New Census Data To Shift Electorate Power

by mcardinal

Michael Cardinal, FISM News


The Census Bureau delivered the results of the 2020 Census to the President’s office on Monday, and the report will directly effect the political landscape for years to come.

The report shows that the population for the US as of April 1, 2020 was 331,449,281. This number is up 7.4% from 2010, and is the lowest population growth in America since the 1930s. The census is done once every decade as required by the Constitution in order to apportion the 435 seats in the US House of Representatives and subsequently redistribute the electoral college votes for presidential elections.

The census confirms the recent trend of deurbanization. The data shows that Americans are moving away from the Democratic strongholds of the Northeast and Midwest to the traditionally Republican states in the South. The state of Texas was the biggest winner, gaining two seats. Florida, Montana, Oregon, Colorado, and North Carolina will each gain one seat as well. On the flip side, California, Illinois, New York, Michigan, Ohio, Pennsylvania, and West Virginia will each lose one seat.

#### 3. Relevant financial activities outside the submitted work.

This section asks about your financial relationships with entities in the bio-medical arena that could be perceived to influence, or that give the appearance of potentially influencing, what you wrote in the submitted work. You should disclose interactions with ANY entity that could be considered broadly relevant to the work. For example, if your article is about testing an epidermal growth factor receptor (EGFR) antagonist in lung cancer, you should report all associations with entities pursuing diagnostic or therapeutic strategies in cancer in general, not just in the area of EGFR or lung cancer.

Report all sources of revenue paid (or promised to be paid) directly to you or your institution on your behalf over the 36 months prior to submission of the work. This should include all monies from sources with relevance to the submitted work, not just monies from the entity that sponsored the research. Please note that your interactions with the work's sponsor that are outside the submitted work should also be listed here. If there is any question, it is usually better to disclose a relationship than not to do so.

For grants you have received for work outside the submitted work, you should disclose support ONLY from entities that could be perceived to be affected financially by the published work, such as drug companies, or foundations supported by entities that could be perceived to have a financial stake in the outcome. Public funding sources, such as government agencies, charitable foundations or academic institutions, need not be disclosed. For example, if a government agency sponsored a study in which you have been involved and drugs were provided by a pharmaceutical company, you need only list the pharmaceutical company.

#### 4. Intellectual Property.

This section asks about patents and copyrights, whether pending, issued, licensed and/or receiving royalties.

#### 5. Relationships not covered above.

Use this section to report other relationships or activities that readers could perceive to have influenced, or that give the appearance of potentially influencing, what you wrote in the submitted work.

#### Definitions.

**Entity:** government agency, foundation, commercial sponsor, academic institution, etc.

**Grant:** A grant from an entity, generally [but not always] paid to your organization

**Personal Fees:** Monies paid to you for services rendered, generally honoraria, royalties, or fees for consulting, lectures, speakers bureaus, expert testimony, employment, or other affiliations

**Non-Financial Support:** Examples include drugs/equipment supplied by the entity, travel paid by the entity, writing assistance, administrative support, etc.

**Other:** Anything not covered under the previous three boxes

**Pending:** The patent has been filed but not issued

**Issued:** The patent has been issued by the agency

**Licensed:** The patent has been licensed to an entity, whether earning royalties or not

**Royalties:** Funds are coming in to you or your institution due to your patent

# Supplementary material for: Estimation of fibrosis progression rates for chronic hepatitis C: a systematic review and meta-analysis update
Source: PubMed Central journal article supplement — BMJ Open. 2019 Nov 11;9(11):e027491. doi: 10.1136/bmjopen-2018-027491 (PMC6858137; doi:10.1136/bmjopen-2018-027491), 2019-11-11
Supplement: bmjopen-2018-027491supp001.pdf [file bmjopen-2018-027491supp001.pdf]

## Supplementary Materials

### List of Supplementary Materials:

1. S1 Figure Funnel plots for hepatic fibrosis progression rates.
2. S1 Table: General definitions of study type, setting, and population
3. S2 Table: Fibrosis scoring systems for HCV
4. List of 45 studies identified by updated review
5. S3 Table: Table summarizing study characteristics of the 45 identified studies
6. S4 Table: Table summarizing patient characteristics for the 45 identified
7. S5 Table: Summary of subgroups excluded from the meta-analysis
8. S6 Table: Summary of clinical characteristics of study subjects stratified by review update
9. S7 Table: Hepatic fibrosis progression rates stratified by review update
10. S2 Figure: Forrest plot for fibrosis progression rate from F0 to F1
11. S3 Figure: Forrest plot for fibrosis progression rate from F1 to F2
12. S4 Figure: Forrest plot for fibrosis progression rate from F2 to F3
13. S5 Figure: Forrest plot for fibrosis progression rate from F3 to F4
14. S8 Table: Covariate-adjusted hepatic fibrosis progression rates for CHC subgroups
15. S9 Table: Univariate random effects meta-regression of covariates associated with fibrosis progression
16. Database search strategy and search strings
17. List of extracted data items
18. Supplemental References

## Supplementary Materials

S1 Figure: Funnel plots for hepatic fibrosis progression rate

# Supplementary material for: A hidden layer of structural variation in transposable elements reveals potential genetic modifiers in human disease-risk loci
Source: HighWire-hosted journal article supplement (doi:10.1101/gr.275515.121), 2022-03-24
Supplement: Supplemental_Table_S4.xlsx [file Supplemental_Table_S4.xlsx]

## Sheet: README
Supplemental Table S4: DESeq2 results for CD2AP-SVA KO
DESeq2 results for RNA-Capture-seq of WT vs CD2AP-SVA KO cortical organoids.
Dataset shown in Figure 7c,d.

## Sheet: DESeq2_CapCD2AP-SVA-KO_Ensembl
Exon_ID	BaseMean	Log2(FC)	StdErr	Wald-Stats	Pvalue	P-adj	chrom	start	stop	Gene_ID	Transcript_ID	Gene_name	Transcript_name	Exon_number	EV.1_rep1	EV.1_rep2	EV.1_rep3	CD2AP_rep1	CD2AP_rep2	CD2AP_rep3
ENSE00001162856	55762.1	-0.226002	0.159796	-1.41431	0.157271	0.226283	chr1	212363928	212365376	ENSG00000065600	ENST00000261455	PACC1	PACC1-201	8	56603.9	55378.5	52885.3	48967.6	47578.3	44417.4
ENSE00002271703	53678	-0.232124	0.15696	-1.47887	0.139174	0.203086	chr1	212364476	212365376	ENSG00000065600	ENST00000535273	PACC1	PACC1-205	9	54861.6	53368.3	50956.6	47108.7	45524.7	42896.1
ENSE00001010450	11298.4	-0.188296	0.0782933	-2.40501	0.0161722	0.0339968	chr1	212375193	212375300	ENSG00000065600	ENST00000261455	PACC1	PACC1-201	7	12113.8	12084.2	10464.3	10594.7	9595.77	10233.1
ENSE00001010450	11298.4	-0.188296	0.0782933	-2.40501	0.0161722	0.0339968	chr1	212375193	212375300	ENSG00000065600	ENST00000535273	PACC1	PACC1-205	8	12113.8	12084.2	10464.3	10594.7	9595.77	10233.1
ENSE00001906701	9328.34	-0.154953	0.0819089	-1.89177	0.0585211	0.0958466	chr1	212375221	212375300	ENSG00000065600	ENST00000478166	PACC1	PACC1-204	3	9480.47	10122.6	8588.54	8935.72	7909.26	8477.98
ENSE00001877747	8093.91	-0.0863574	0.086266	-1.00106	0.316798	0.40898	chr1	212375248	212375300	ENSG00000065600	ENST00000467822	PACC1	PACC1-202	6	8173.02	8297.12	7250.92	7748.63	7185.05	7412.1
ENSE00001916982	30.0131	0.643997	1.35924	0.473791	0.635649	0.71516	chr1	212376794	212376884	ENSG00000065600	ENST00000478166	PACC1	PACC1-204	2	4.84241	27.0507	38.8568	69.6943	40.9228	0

Kristen Koslap, Census Bureau senior technical expert, revealed that Montana won the final electoral vote by a razor thin margin, saying “If New York had had 89 more people, they would have received one more seat.” While the shift would not have been enough to change the 2020 election, it would have made it a closer race, with Republican states gaining a net total of 3 electoral votes.

This census was delayed as it had to combat the hurdles of gathering and analyzing accurate data in the midst of a pandemic. Secretary of Commerce Gina Raimondo outlined this in the report saying,

Despite many challenges, our nation completed a census for the 24th time. This act is fundamental to our democracy and a declaration of our growth and resilience.

Raimondo also remarked that the findings of the 2020 Census “will inform decision-making for years to come.” President Biden will now deliver the results to the 117th Congress, and the newly apportioned 118th Congress will convene in January of 2023.

More detailed findings from the census, including race, ethnicity, age, and sex demographics will be released in a secondary report scheduled to be released on August 16th. This report will be used to redraw local voting districts, and will also inform the distribution of federal money and public resources.